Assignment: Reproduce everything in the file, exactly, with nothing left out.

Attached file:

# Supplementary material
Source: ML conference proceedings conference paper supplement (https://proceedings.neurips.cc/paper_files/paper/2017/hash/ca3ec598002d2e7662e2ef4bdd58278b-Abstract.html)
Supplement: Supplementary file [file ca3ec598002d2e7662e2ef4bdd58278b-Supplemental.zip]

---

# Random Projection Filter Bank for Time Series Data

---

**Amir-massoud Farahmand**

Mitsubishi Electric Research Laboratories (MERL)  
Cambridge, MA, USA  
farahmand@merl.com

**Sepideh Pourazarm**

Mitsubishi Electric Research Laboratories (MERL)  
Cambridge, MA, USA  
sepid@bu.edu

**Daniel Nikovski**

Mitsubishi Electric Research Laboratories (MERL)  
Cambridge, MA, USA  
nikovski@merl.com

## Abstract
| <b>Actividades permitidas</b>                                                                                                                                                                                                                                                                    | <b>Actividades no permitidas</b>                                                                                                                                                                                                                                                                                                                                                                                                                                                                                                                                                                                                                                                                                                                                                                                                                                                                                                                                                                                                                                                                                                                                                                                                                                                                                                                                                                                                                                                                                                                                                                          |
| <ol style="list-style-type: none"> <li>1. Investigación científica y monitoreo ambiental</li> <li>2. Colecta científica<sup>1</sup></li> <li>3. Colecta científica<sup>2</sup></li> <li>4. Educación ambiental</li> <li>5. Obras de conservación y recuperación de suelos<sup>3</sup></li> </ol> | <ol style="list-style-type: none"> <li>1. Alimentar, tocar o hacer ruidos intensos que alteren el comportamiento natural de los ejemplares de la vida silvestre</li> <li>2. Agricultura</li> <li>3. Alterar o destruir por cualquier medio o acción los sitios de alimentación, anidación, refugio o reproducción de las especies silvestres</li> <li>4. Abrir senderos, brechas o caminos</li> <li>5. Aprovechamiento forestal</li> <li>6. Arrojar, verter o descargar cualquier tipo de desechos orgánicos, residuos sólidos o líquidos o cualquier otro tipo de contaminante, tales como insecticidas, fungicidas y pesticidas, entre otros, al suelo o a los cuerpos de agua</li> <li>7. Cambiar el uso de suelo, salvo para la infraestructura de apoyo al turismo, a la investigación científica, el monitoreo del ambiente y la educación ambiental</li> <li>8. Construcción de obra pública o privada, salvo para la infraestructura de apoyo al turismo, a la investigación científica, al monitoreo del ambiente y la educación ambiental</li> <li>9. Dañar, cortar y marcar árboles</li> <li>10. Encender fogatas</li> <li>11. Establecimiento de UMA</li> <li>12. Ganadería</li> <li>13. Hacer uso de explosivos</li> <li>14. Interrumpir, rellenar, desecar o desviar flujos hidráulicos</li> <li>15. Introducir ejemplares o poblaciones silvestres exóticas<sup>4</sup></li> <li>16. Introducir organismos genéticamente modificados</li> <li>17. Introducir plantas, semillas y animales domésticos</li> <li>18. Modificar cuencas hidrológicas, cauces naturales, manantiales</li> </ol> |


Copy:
# Supplementary material
Source: ML conference proceedings conference paper supplement (https://proceedings.neurips.cc/paper_files/paper/2017/hash/ca3ec598002d2e7662e2ef4bdd58278b-Abstract.html)
Supplement: Supplementary file [file ca3ec598002d2e7662e2ef4bdd58278b-Supplemental.zip]

---

# Random Projection Filter Bank for Time Series Data

---

**Amir-massoud Farahmand**

Mitsubishi Electric Research Laboratories (MERL)  
Cambridge, MA, USA  
farahmand@merl.com

**Sepideh Pourazarm**

Mitsubishi Electric Research Laboratories (MERL)  
Cambridge, MA, USA  
sepid@bu.edu

**Daniel Nikovski**

Mitsubishi Electric Research Laboratories (MERL)  
Cambridge, MA, USA  
nikovski@merl.com

## Abstract
| <b>Actividades permitidas</b>                                                                                                                                                                                                                                                                    | <b>Actividades no permitidas</b>                                                                                                                                                                                                                                                                                                                                                                                                                                                                                                                                                                                                                                                                                                                                                                                                                                                                                                                                                                                                                                                                                                                                                                                                                                                                                                                                                                                                                                                                                                                                                                          |
| <ol style="list-style-type: none"> <li>1. Investigación científica y monitoreo ambiental</li> <li>2. Colecta científica<sup>1</sup></li> <li>3. Colecta científica<sup>2</sup></li> <li>4. Educación ambiental</li> <li>5. Obras de conservación y recuperación de suelos<sup>3</sup></li> </ol> | <ol style="list-style-type: none"> <li>1. Alimentar, tocar o hacer ruidos intensos que alteren el comportamiento natural de los ejemplares de la vida silvestre</li> <li>2. Agricultura</li> <li>3. Alterar o destruir por cualquier medio o acción los sitios de alimentación, anidación, refugio o reproducción de las especies silvestres</li> <li>4. Abrir senderos, brechas o caminos</li> <li>5. Aprovechamiento forestal</li> <li>6. Arrojar, verter o descargar cualquier tipo de desechos orgánicos, residuos sólidos o líquidos o cualquier otro tipo de contaminante, tales como insecticidas, fungicidas y pesticidas, entre otros, al suelo o a los cuerpos de agua</li> <li>7. Cambiar el uso de suelo, salvo para la infraestructura de apoyo al turismo, a la investigación científica, el monitoreo del ambiente y la educación ambiental</li> <li>8. Construcción de obra pública o privada, salvo para la infraestructura de apoyo al turismo, a la investigación científica, al monitoreo del ambiente y la educación ambiental</li> <li>9. Dañar, cortar y marcar árboles</li> <li>10. Encender fogatas</li> <li>11. Establecimiento de UMA</li> <li>12. Ganadería</li> <li>13. Hacer uso de explosivos</li> <li>14. Interrumpir, rellenar, desecar o desviar flujos hidráulicos</li> <li>15. Introducir ejemplares o poblaciones silvestres exóticas<sup>4</sup></li> <li>16. Introducir organismos genéticamente modificados</li> <li>17. Introducir plantas, semillas y animales domésticos</li> <li>18. Modificar cuencas hidrológicas, cauces naturales, manantiales</li> </ol> |